People who’ve read this column over the years know of my family’s challenges with a crazy dog. I’ve written about Boomer several times, detailing all the ways he was a loon, and all the ways we tried to ease his mental suffering.
I’m finally ready to write an update. After seven years of trying to accommodate a dog who clearly hated the noise and chaos of a noisy and chaotic family, we found another home for him in March of 2011. This column is not going to offer advice on how to rehome a distressed and distressing pet because it took me two years and a lot of crying and begging to accomplish it.
What this column will focus on is how Boomer’s sister is doing without him, and how the dynamics have changed in our home since we have gone from two dogs to one. In a word, fantastic! I cannot even believe what a wonderful dog Daisy has become out of the shadows of her neurotic constant companion.
First, a bit of history: We got Daisy and Boomer from a Labrador rescue when they were a few months old. We’d intended to adopt only a girl dog, but these two were very close and we thought they would be better off together.
It quickly became obvious these siblings had extremely different personalities, and we often thought Daisy was a horrible bully to poor, picked-on Boomer.
Another thing we learned was that litter-mates is a particularly tough relationship for people to crack. The dogs were extremely oriented toward each other, less so toward us. This translated to difficult-to-train, hard to take for walks and nearly impossible to take on vacation with us.
Fast-forward to March, 2011. When we found another home for Boomer, we were quite worried that Daisy would be devastated. Although he wasn’t much more than a punching bag to her, Boomer was definitely a habit that could be hard to break.
It turns out that Daisy has blossomed beyond our wildest dreams. Her energy is now focused on being our constant companion, rather than her brother’s tormentor.
And we were pleasantly surprised to find out she’d actually learned everything we’d been trying to teach her. All those training sessions where we spent the bulk of our time trying to get Daisy to stop pouncing on Boomer had positive results: Daisy is a well-behaved dog who can accompany us anywhere. She can go to the Farmers Market, to stores that allow dogs, to the dog park, on vacation with us … she has impeccable manners.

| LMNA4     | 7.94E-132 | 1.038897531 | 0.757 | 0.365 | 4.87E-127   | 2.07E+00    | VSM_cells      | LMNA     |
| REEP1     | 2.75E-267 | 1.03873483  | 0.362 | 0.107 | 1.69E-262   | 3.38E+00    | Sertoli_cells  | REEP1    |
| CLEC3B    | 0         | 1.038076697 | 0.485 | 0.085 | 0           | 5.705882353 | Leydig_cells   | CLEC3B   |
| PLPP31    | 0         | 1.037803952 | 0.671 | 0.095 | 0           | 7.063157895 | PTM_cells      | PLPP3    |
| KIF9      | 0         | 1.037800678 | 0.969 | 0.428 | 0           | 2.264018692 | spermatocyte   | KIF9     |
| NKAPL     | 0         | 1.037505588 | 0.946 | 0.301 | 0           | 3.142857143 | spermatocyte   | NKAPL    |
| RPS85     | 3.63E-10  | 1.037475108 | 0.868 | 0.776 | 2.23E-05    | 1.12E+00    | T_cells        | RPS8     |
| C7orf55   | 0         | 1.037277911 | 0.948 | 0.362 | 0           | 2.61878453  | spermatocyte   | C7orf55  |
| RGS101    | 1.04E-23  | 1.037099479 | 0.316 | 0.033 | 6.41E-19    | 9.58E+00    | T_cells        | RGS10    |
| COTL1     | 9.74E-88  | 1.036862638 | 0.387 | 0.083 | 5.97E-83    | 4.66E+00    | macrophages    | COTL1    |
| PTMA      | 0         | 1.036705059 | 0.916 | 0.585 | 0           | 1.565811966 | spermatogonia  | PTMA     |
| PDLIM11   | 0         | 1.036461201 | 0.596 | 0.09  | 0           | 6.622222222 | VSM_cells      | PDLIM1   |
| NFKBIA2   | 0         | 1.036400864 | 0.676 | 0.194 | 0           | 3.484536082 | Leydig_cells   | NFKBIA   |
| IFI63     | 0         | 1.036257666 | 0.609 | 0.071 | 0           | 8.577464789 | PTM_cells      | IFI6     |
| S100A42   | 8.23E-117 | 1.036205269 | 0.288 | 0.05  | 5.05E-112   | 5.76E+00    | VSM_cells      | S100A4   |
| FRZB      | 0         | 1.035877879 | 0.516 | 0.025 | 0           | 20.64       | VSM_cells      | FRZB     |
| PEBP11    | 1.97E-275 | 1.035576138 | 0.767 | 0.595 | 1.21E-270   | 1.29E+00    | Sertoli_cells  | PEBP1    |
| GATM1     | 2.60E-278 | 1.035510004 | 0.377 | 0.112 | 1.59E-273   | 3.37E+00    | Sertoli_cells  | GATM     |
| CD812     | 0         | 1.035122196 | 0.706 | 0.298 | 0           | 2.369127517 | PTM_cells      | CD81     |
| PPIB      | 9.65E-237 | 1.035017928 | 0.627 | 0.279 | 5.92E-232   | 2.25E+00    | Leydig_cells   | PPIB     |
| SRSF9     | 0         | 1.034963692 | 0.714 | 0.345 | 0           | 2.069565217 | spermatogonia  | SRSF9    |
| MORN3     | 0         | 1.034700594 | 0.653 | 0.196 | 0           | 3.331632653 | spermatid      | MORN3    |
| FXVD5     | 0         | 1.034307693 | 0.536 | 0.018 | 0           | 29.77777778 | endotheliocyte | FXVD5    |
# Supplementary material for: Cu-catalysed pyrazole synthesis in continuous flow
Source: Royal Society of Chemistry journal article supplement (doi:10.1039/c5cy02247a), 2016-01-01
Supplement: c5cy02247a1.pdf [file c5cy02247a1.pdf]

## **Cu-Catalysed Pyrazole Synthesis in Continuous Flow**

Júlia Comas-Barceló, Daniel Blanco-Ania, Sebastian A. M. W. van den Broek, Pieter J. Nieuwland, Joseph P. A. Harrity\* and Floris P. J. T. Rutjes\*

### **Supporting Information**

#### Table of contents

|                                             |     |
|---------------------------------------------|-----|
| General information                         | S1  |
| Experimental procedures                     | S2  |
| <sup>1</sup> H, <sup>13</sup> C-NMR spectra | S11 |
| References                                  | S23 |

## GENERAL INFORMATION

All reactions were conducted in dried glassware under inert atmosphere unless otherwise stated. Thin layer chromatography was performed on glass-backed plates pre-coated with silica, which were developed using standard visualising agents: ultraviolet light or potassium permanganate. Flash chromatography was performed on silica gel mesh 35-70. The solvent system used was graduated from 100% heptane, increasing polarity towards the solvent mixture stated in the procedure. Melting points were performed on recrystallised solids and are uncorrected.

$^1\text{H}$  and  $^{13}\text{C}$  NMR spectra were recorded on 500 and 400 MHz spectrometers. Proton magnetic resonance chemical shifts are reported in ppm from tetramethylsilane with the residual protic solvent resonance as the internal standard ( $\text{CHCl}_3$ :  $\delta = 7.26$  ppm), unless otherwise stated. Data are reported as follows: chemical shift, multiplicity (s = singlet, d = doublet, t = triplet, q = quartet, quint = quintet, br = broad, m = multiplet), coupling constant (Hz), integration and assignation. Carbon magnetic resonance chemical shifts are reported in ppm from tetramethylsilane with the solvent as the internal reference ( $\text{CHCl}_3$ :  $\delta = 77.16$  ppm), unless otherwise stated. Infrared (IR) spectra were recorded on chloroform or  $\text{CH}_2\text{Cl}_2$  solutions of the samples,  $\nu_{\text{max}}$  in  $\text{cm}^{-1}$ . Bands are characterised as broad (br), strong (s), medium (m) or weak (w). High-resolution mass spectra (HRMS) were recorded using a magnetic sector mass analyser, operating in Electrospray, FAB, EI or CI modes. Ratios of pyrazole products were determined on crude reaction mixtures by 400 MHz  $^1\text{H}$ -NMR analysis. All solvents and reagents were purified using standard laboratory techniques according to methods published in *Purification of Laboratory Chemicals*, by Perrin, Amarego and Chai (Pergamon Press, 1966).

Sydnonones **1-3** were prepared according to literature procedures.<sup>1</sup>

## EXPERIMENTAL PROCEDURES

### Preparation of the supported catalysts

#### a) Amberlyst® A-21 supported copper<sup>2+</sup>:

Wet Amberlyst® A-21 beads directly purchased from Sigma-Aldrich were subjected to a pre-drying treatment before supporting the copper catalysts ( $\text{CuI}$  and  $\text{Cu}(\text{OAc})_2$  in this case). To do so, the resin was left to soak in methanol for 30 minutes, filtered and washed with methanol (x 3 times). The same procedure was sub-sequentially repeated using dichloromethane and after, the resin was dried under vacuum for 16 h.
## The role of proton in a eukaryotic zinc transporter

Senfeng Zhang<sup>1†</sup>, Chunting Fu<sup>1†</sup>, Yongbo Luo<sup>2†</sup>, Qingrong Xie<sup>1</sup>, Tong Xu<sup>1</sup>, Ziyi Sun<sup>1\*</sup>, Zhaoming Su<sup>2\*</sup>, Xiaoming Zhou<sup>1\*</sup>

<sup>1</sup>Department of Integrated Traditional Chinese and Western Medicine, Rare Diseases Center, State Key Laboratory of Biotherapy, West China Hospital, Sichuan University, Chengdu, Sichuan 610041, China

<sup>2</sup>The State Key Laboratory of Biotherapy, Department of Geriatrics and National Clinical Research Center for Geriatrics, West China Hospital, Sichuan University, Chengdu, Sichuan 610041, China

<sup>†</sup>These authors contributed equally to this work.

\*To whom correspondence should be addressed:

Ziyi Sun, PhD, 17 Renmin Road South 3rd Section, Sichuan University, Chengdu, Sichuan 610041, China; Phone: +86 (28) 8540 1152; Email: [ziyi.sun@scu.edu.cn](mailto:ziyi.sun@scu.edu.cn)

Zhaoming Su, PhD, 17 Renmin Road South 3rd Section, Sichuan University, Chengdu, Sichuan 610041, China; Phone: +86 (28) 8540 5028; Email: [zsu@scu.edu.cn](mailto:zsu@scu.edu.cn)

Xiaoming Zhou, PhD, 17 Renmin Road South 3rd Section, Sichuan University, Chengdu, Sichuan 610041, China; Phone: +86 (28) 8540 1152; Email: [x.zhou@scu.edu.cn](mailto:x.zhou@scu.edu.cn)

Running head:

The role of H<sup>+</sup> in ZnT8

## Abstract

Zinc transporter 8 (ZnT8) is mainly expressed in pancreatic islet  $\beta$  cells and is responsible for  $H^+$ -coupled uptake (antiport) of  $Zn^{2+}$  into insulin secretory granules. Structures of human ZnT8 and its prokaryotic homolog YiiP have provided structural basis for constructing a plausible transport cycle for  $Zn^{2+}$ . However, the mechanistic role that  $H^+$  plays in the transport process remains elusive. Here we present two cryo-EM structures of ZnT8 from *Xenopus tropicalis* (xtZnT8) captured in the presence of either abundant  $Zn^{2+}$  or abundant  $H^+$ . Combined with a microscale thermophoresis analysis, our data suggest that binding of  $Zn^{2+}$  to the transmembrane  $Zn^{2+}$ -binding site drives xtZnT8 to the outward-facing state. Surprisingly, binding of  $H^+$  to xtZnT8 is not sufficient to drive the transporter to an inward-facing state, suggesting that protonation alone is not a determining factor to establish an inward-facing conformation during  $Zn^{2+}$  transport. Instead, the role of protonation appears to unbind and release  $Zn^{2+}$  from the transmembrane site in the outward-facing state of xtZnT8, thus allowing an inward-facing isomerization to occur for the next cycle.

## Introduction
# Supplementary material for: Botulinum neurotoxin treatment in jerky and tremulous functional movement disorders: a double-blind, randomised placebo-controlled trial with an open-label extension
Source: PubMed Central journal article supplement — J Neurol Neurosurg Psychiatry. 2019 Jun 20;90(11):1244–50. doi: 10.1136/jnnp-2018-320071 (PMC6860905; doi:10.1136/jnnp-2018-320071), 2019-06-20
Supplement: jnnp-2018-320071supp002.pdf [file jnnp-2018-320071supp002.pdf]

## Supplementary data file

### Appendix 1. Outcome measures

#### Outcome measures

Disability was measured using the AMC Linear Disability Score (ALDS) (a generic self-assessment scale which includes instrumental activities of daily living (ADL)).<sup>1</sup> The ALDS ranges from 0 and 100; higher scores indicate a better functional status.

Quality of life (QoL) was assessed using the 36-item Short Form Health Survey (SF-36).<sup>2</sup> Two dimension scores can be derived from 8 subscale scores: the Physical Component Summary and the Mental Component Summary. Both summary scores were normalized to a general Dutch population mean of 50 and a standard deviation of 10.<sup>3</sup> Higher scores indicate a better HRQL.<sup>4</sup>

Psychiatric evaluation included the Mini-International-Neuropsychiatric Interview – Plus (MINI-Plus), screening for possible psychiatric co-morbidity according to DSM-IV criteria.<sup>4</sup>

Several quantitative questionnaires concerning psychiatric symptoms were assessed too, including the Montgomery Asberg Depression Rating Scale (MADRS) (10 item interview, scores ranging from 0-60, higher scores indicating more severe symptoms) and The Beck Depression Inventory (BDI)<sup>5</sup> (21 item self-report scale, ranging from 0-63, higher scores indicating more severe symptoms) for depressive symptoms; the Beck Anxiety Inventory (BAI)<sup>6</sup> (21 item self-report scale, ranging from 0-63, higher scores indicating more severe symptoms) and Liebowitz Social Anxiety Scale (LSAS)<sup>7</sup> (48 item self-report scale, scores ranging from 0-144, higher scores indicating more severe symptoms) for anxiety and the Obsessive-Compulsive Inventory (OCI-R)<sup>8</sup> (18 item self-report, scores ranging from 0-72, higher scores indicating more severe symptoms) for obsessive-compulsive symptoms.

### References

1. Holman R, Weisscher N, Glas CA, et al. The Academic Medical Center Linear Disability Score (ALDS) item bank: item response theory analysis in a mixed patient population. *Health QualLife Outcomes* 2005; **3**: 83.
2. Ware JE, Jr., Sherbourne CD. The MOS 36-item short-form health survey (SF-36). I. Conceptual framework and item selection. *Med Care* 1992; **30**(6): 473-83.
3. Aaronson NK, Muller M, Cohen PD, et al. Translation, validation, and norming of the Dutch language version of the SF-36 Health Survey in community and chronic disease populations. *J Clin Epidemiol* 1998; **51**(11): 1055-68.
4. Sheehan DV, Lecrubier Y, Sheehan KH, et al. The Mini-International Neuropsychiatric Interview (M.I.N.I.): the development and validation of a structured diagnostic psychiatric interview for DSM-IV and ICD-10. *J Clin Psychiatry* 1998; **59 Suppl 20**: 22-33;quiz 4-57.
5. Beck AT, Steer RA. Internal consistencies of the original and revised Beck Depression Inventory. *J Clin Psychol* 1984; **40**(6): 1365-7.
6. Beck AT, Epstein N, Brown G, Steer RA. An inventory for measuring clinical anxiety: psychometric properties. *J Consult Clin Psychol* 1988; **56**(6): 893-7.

Daisy came out of this experience extremely happy, loyal to us, and well, everything we’d want in a family pet. And we came out of it much better than I’d have imagined, too, because our love of dogs is back.
Honestly, there was a time a couple years ago if you’d have asked our kids about getting dogs when they grew up they’d have said “probably not.” It was just too much work without much reward.
Even worse was the lesson we were afraid we’d be teaching the kids if we found another home for Boomer. Giving up is thought of as so negative, and giving up on a family member seemed like the worst kind of message.
But what my husband and I have realized is that there’s a less-obvious valuable lesson in all of this. Sometimes you can try your best to improve something, and that might not be enough … it just might not be possible to fix everything yourself.
Sometimes the best thing you can do is let someone else — with a different set of skills in a different environment — give it a try.
The other valuable lesson — and you had to know this was coming — is that you can teach an old dog new tricks. Daisy doggedly devoted herself to learning how to be a great family pet, and the Perezes re-learned that, doggone it, a dog is a family’s best friend.
— Tanya Perez is an associate editor at The Enterprise. Her column publishes every other week on Wednesdays or Thursdays. Reach her at firstname.lastname@example.org. Follow her on Twitter at @enterprisetanya